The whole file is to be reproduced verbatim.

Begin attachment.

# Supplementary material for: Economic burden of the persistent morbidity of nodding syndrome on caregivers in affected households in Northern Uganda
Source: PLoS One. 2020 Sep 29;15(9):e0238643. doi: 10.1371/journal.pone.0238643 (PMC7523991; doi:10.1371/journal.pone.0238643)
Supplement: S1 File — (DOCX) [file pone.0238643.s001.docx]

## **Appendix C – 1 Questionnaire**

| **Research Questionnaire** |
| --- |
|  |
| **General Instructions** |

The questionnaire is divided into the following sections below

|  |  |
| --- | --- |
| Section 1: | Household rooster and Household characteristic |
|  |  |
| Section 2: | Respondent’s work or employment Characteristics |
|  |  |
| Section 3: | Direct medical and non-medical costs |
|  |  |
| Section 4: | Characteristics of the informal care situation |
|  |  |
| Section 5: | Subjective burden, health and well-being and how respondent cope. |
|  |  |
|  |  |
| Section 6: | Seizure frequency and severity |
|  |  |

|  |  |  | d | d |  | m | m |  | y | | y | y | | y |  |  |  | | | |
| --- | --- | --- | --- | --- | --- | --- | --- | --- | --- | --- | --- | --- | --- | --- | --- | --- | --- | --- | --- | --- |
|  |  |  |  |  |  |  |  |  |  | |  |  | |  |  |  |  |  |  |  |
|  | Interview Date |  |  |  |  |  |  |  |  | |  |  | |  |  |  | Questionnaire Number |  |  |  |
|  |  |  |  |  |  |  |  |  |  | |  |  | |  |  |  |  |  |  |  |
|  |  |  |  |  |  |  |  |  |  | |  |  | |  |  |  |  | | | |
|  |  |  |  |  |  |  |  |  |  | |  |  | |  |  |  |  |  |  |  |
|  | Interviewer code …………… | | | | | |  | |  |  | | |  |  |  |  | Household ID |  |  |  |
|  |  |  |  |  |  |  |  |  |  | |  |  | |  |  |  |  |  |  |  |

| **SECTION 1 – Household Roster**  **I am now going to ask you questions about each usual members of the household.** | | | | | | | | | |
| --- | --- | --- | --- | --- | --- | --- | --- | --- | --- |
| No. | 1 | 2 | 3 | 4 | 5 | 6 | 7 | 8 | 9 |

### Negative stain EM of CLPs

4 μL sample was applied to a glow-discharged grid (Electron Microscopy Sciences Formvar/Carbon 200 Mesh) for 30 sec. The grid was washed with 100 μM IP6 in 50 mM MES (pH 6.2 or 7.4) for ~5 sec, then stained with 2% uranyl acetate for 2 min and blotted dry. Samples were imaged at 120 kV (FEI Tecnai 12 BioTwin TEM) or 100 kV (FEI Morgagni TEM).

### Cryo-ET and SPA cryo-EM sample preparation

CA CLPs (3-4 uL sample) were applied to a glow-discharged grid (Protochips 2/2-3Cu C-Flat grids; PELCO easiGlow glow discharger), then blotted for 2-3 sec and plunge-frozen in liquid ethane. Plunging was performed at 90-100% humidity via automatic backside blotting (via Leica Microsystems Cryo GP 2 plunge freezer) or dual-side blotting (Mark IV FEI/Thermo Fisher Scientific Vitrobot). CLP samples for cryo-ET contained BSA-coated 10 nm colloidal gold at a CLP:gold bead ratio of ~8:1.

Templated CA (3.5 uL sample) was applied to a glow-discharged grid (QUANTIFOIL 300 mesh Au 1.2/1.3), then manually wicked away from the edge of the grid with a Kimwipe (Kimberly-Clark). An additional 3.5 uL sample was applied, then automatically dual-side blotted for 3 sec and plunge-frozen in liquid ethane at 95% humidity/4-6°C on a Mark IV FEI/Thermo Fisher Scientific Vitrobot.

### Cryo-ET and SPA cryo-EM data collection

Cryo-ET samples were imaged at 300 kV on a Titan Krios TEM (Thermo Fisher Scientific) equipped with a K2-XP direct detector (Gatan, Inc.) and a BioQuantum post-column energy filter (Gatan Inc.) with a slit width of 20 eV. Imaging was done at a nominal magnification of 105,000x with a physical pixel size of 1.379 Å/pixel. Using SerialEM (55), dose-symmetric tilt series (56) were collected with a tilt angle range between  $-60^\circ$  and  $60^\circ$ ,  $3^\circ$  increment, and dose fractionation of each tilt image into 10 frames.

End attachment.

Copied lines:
# Supplementary material for: Economic burden of the persistent morbidity of nodding syndrome on caregivers in affected households in Northern Uganda
Source: PLoS One. 2020 Sep 29;15(9):e0238643. doi: 10.1371/journal.pone.0238643 (PMC7523991; doi:10.1371/journal.pone.0238643)
Supplement: S1 File — (DOCX) [file pone.0238643.s001.docx]

## **Appendix C – 1 Questionnaire**

| **Research Questionnaire** |
| --- |
|  |
| **General Instructions** |

The questionnaire is divided into the following sections below

|  |  |
| --- | --- |
| Section 1: | Household rooster and Household characteristic |
|  |  |
| Section 2: | Respondent’s work or employment Characteristics |
|  |  |
| Section 3: | Direct medical and non-medical costs |
|  |  |
| Section 4: | Characteristics of the informal care situation |
|  |  |
| Section 5: | Subjective burden, health and well-being and how respondent cope. |
|  |  |
|  |  |
| Section 6: | Seizure frequency and severity |
|  |  |

|  |  |  | d | d |  | m | m |  | y | | y | y | | y |  |  |  | | | |
| --- | --- | --- | --- | --- | --- | --- | --- | --- | --- | --- | --- | --- | --- | --- | --- | --- | --- | --- | --- | --- |
|  |  |  |  |  |  |  |  |  |  | |  |  | |  |  |  |  |  |  |  |
|  | Interview Date |  |  |  |  |  |  |  |  | |  |  | |  |  |  | Questionnaire Number |  |  |  |
|  |  |  |  |  |  |  |  |  |  | |  |  | |  |  |  |  |  |  |  |
|  |  |  |  |  |  |  |  |  |  | |  |  | |  |  |  |  | | | |
|  |  |  |  |  |  |  |  |  |  | |  |  | |  |  |  |  |  |  |  |
|  | Interviewer code …………… | | | | | |  | |  |  | | |  |  |  |  | Household ID |  |  |  |
|  |  |  |  |  |  |  |  |  |  | |  |  | |  |  |  |  |  |  |  |

| **SECTION 1 – Household Roster**  **I am now going to ask you questions about each usual members of the household.** | | | | | | | | | |
| --- | --- | --- | --- | --- | --- | --- | --- | --- | --- |
| No. | 1 | 2 | 3 | 4 | 5 | 6 | 7 | 8 | 9 |

### Negative stain EM of CLPs

4 μL sample was applied to a glow-discharged grid (Electron Microscopy Sciences Formvar/Carbon 200 Mesh) for 30 sec. The grid was washed with 100 μM IP6 in 50 mM MES (pH 6.2 or 7.4) for ~5 sec, then stained with 2% uranyl acetate for 2 min and blotted dry. Samples were imaged at 120 kV (FEI Tecnai 12 BioTwin TEM) or 100 kV (FEI Morgagni TEM).

### Cryo-ET and SPA cryo-EM sample preparation

CA CLPs (3-4 uL sample) were applied to a glow-discharged grid (Protochips 2/2-3Cu C-Flat grids; PELCO easiGlow glow discharger), then blotted for 2-3 sec and plunge-frozen in liquid ethane. Plunging was performed at 90-100% humidity via automatic backside blotting (via Leica Microsystems Cryo GP 2 plunge freezer) or dual-side blotting (Mark IV FEI/Thermo Fisher Scientific Vitrobot). CLP samples for cryo-ET contained BSA-coated 10 nm colloidal gold at a CLP:gold bead ratio of ~8:1.

Templated CA (3.5 uL sample) was applied to a glow-discharged grid (QUANTIFOIL 300 mesh Au 1.2/1.3), then manually wicked away from the edge of the grid with a Kimwipe (Kimberly-Clark). An additional 3.5 uL sample was applied, then automatically dual-side blotted for 3 sec and plunge-frozen in liquid ethane at 95% humidity/4-6°C on a Mark IV FEI/Thermo Fisher Scientific Vitrobot.

### Cryo-ET and SPA cryo-EM data collection

Cryo-ET samples were imaged at 300 kV on a Titan Krios TEM (Thermo Fisher Scientific) equipped with a K2-XP direct detector (Gatan, Inc.) and a BioQuantum post-column energy filter (Gatan Inc.) with a slit width of 20 eV. Imaging was done at a nominal magnification of 105,000x with a physical pixel size of 1.379 Å/pixel. Using SerialEM (55), dose-symmetric tilt series (56) were collected with a tilt angle range between  $-60^\circ$  and  $60^\circ$ ,  $3^\circ$  increment, and dose fractionation of each tilt image into 10 frames.